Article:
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One of the things I admire about farmers is how much they can do for themselves. In addition to caring for livestock and crops, many also have a good handle on machinery repair, machinery upgrades and sometimes even carpentry and building skills.

Over the weekend, I watched an episode of RFD-TV about farmers who designed and even constructed their own farm shops.

I admit, I was not a responsible reporter who took notes; in fact I was lying across my couch just trying to relax on my weekend. But I do remember one segment where the guy they interviewed had built an in-shop elevator so he could ride up and down in his shop without climbing any steps.

This saves his back and joints, and also makes it much easier to transport supplies up and down between floors.

Other farmers designed other things, such as a hoist that lifted vertically, but also rotated horizontally, so that a farmer could lift a heavy item straight up, but also swing it to and from the work bench, which usually is somewhere along the side wall in the shop.

Some of the farmers on the show were building their own metal containment boxes for their work trucks — and as they said — there’s no better way to get the product you want, the way you want it, than to build it yourself.

On your own?

The ingenuity of our farmers is amazing, but as I watched the show, I also wondered, ‘how do you decide what to do on your own, and when do you seek help.’

With the in-shop elevator, the guy talked about how he designed an automatic shutoff so it wouldn’t continue escalating up to the roof and crush the passenger. That sounds like an incredibly obvious thing to do, but I couldn’t help to think, what if the shutoff failed or wasn’t installed properly.

The guy also talked about how he had to go against part of the operational code to make it work, and I thought, OK, I just hope it’s safe, not only for himself but for anyone else who would use it.

When I was a boy, I remember being at a farm machinery auction and the auctioneer was carrying on about how the tractor he was about to sell had a rebuilt engine. My dad told me, “it’s only as good as the guy who rebuilt it.”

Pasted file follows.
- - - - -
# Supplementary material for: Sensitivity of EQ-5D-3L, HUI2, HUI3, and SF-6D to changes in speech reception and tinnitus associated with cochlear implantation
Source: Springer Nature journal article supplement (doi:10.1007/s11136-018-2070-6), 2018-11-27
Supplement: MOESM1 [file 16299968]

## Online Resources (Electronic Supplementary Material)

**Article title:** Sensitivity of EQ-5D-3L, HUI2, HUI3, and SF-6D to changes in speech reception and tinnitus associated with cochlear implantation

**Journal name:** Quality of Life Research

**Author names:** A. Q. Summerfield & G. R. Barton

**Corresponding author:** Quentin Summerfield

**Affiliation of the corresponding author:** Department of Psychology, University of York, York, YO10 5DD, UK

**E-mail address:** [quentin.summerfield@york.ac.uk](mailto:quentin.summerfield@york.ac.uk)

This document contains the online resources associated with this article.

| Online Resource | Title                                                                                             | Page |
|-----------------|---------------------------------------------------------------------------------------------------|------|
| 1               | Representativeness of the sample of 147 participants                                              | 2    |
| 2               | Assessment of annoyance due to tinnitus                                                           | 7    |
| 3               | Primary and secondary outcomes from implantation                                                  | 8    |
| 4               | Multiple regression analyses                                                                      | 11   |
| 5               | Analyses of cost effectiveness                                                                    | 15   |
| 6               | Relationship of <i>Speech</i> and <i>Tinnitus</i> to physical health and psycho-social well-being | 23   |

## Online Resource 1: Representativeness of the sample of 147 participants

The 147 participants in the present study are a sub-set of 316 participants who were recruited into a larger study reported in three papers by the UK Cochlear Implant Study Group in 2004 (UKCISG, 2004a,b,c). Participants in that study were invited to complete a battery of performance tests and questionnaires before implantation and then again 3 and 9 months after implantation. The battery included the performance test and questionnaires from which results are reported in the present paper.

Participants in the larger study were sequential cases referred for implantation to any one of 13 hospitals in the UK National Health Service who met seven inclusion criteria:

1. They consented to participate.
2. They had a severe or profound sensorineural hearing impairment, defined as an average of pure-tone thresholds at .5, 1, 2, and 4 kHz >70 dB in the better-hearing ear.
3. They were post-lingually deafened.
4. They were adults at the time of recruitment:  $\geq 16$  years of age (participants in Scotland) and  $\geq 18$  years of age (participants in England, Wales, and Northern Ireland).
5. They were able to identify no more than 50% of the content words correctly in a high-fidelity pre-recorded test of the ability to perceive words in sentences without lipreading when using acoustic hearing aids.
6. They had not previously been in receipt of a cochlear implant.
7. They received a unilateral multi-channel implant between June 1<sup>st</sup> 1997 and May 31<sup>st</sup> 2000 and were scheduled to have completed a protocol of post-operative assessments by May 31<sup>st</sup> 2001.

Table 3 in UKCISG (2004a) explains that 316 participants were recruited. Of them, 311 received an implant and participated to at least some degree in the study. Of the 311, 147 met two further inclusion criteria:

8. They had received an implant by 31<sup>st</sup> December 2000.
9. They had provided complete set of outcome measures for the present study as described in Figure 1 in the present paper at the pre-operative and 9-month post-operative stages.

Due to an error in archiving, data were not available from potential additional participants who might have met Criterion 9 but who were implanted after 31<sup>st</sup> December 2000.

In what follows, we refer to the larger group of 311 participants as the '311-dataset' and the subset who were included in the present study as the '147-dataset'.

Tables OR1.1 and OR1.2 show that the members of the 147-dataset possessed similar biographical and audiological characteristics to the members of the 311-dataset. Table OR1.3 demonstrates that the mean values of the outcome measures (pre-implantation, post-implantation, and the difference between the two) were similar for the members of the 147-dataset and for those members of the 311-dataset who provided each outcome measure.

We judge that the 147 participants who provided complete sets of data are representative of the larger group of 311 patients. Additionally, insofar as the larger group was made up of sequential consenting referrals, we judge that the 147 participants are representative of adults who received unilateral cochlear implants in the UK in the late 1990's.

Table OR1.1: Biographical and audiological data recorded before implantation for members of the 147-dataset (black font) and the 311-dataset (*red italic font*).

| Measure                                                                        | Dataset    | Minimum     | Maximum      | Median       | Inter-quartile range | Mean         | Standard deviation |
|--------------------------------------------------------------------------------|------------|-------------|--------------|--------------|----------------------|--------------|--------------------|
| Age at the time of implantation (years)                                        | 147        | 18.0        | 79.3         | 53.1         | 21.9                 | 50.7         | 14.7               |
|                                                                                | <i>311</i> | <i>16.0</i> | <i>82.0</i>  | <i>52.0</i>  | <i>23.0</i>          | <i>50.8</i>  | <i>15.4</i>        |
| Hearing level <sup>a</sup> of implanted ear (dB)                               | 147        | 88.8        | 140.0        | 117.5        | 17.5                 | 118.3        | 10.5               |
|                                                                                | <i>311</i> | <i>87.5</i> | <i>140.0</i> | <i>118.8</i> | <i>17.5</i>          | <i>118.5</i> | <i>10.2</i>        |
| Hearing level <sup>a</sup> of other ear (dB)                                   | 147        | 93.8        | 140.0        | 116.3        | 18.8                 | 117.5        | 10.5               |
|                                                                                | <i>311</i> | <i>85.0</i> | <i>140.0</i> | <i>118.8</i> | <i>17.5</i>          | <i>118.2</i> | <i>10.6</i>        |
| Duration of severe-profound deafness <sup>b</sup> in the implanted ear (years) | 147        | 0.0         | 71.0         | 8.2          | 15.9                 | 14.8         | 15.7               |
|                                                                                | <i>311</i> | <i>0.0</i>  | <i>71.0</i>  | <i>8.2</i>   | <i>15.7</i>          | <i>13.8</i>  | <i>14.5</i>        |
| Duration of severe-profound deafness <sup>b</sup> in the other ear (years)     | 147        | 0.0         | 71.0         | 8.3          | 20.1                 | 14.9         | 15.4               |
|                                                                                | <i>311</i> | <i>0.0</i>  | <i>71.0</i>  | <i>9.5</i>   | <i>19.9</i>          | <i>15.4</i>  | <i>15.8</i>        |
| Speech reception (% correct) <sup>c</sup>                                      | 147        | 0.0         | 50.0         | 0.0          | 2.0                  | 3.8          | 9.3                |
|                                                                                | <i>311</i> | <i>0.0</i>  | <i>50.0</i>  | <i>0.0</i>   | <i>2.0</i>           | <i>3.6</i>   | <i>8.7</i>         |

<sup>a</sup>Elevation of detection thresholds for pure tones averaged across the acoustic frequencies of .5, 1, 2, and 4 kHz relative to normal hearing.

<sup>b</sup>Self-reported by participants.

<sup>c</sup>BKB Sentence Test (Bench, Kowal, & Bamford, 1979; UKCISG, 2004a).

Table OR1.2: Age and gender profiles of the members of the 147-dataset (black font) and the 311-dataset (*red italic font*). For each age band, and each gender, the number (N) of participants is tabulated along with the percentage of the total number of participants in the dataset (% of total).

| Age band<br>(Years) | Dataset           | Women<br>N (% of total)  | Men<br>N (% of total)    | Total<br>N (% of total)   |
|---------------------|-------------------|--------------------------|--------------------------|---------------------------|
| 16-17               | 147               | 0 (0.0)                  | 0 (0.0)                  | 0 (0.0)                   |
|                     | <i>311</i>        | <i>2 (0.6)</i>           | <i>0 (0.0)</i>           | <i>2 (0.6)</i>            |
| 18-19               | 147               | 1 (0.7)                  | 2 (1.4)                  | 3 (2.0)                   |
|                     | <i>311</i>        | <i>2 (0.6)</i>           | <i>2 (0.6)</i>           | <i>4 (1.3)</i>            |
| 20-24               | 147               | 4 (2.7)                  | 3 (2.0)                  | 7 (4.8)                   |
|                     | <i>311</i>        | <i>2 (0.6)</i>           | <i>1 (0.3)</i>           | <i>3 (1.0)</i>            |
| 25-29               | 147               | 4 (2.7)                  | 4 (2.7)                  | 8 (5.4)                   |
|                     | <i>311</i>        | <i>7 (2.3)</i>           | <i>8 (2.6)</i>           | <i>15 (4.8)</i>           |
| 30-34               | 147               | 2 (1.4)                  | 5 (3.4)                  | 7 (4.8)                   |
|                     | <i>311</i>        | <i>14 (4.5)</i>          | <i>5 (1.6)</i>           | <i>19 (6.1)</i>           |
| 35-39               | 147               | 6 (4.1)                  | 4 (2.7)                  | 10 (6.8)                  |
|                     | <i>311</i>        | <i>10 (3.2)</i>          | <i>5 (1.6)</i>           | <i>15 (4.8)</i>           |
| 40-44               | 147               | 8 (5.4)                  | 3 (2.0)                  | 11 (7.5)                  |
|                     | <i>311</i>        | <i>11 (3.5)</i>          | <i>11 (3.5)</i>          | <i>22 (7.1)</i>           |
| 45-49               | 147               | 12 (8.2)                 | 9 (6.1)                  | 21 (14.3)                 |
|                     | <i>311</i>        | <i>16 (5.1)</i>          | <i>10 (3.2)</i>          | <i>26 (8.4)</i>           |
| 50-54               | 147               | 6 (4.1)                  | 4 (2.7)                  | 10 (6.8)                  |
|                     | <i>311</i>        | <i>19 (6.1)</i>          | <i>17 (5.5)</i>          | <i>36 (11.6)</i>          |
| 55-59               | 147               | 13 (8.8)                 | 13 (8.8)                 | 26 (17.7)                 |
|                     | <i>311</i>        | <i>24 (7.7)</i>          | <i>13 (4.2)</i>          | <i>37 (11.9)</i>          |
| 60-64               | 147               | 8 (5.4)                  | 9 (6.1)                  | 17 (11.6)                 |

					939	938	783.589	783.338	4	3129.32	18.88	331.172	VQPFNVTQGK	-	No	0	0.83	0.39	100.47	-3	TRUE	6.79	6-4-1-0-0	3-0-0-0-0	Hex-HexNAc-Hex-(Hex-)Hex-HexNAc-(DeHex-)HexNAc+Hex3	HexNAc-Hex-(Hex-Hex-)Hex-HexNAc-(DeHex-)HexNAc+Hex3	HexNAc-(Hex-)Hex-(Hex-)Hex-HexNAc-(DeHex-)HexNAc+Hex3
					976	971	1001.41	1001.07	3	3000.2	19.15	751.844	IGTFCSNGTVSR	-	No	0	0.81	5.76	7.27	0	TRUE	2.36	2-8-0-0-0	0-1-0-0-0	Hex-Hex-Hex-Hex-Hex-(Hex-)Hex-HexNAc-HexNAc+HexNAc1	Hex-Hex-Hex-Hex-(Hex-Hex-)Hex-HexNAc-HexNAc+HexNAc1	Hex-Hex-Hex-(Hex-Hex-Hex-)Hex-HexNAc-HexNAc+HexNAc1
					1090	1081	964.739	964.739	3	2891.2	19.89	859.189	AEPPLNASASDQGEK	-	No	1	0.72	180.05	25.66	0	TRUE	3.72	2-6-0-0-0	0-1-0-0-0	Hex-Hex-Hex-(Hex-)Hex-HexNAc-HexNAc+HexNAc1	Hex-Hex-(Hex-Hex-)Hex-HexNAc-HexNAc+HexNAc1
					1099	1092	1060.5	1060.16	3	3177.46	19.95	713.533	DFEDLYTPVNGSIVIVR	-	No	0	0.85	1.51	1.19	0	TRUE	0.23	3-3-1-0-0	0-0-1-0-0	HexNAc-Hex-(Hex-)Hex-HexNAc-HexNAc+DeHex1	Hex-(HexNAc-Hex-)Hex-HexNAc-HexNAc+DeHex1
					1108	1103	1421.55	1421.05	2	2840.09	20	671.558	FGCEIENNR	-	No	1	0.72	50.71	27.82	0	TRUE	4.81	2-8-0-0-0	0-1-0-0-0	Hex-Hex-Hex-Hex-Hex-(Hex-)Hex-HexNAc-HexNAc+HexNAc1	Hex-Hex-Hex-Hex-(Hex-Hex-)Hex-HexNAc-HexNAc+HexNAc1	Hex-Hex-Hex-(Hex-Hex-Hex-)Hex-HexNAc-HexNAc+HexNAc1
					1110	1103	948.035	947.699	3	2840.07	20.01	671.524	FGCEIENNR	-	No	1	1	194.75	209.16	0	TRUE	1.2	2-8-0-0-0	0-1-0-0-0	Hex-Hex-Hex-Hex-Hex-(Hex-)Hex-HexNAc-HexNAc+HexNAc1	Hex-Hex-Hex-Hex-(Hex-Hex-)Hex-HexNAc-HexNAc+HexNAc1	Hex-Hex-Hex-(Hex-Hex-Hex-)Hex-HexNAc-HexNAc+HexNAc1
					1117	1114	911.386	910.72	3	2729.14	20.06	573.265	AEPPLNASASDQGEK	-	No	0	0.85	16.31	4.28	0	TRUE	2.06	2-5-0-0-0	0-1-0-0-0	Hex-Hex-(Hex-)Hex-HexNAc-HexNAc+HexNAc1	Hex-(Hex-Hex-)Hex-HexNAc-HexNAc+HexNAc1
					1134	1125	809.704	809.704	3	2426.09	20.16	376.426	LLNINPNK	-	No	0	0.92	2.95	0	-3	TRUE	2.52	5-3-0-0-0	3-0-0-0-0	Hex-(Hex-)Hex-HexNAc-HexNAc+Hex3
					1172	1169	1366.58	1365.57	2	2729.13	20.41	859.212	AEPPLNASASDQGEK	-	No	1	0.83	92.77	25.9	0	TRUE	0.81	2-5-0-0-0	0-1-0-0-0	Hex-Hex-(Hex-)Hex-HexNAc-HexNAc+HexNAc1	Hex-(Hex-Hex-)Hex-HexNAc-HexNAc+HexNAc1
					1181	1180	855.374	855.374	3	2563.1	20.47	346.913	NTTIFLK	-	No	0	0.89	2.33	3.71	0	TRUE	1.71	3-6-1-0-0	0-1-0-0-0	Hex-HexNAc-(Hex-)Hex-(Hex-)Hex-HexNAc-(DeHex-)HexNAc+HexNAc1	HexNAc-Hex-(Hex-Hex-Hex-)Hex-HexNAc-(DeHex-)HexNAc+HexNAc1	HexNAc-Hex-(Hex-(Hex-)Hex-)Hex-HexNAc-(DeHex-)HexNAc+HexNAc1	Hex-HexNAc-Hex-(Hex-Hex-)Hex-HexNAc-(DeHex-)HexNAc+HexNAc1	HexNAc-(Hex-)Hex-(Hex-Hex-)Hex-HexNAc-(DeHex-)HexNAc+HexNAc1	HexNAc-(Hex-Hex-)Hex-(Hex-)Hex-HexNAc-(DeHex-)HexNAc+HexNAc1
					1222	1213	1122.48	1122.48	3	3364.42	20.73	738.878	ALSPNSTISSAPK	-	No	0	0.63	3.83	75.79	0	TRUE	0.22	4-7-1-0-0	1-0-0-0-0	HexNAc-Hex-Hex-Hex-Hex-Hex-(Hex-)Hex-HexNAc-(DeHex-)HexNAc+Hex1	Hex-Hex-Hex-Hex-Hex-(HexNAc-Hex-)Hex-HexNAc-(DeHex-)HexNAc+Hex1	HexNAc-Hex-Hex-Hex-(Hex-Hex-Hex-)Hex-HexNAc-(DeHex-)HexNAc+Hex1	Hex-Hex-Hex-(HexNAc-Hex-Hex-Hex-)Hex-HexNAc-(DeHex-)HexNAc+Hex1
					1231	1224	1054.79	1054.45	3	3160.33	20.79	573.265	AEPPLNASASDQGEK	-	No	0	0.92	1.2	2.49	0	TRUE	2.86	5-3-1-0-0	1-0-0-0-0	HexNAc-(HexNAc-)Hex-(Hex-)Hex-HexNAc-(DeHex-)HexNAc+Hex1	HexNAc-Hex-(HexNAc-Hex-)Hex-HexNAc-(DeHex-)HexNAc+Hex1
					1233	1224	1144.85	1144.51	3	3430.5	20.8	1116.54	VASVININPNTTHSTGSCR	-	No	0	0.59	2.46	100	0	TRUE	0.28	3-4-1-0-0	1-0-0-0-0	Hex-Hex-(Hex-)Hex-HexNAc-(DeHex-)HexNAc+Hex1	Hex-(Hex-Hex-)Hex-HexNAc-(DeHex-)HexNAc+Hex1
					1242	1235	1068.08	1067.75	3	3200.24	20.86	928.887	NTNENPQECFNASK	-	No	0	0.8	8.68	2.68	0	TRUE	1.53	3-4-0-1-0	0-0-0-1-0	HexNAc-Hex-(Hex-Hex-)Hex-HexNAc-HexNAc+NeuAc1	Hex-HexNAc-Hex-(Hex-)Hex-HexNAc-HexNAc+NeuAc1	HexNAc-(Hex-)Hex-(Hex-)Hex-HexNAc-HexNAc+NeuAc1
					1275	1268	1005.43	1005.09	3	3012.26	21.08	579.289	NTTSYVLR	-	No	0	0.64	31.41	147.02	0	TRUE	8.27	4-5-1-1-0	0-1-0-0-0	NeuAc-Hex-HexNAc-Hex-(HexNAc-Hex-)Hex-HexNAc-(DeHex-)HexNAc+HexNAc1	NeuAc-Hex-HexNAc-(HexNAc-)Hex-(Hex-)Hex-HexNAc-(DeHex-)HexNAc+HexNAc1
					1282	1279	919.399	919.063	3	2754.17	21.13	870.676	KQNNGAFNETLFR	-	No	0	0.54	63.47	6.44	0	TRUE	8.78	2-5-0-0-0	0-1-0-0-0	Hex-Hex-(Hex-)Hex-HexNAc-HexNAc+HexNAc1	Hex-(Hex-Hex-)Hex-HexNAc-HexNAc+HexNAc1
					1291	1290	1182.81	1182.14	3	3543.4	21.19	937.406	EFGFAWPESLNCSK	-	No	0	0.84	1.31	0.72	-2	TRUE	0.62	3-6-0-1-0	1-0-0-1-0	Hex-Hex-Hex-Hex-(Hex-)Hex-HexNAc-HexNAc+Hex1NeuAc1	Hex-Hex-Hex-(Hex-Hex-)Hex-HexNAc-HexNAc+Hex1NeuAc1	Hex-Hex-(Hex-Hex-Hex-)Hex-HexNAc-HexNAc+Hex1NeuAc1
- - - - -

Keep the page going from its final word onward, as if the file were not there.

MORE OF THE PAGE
Experience is everything

That seems to be pretty true when it comes to do-it-yourself projects. There are some DIY’ers who have the experience and knowledge to know what they’re doing, and their projects turn out very well; and there are others who, if their projects even turn out, end up with a lot of inefficiencies and problems down the road.

In the two short years that I’ve been a homeowner, I’ve grappled over the same question many times: When do you do it yourself and when do you hire some help.

I guess if you know something inside and out, you’re probably safe to do it on your own. But as the old saying goes, “there’s no substitute for experience,” and there are certain jobs that I don’t think an inexperienced person should even attempt.

I’ve seen a lot of DIY programs on TV lately, with big-name hardware companies encouraging the homeowner to buy and install his own bathroom tile, install cabinets, do his own painting and even some plumbing work.

Happy ending

The projects on TV always seem to turn out well in the end — and maybe they really do — but I guess I’d like to see a close-up of some of those walls people paint, or to see the rooms in person — because as rosy as they make it all look and sound, I just really wonder.

No matter how much I study how to hang a door or install a window, or how many pictures I read, I don’t think I could do it half as well as someone who has worked with windows and doors all their life. It just seems like there are always those “little” steps and tricks along the way, that only an experienced person would know.

Yet, it’s encouraging to see people’s ingenuity and determination to do their own work.

I guess it’s just a balancing act and you have to weigh your own ability against the demands of the project. I sometimes wish I could balance the two things better!

Chris Kick lives in Wooster, Ohio. An American FFA Degree recipient, he holds a bachelor’s in creative writing from Ashland University. He spends his free time on his grandparents’ farms in Wayne and Holmes counties.
Chris Kick
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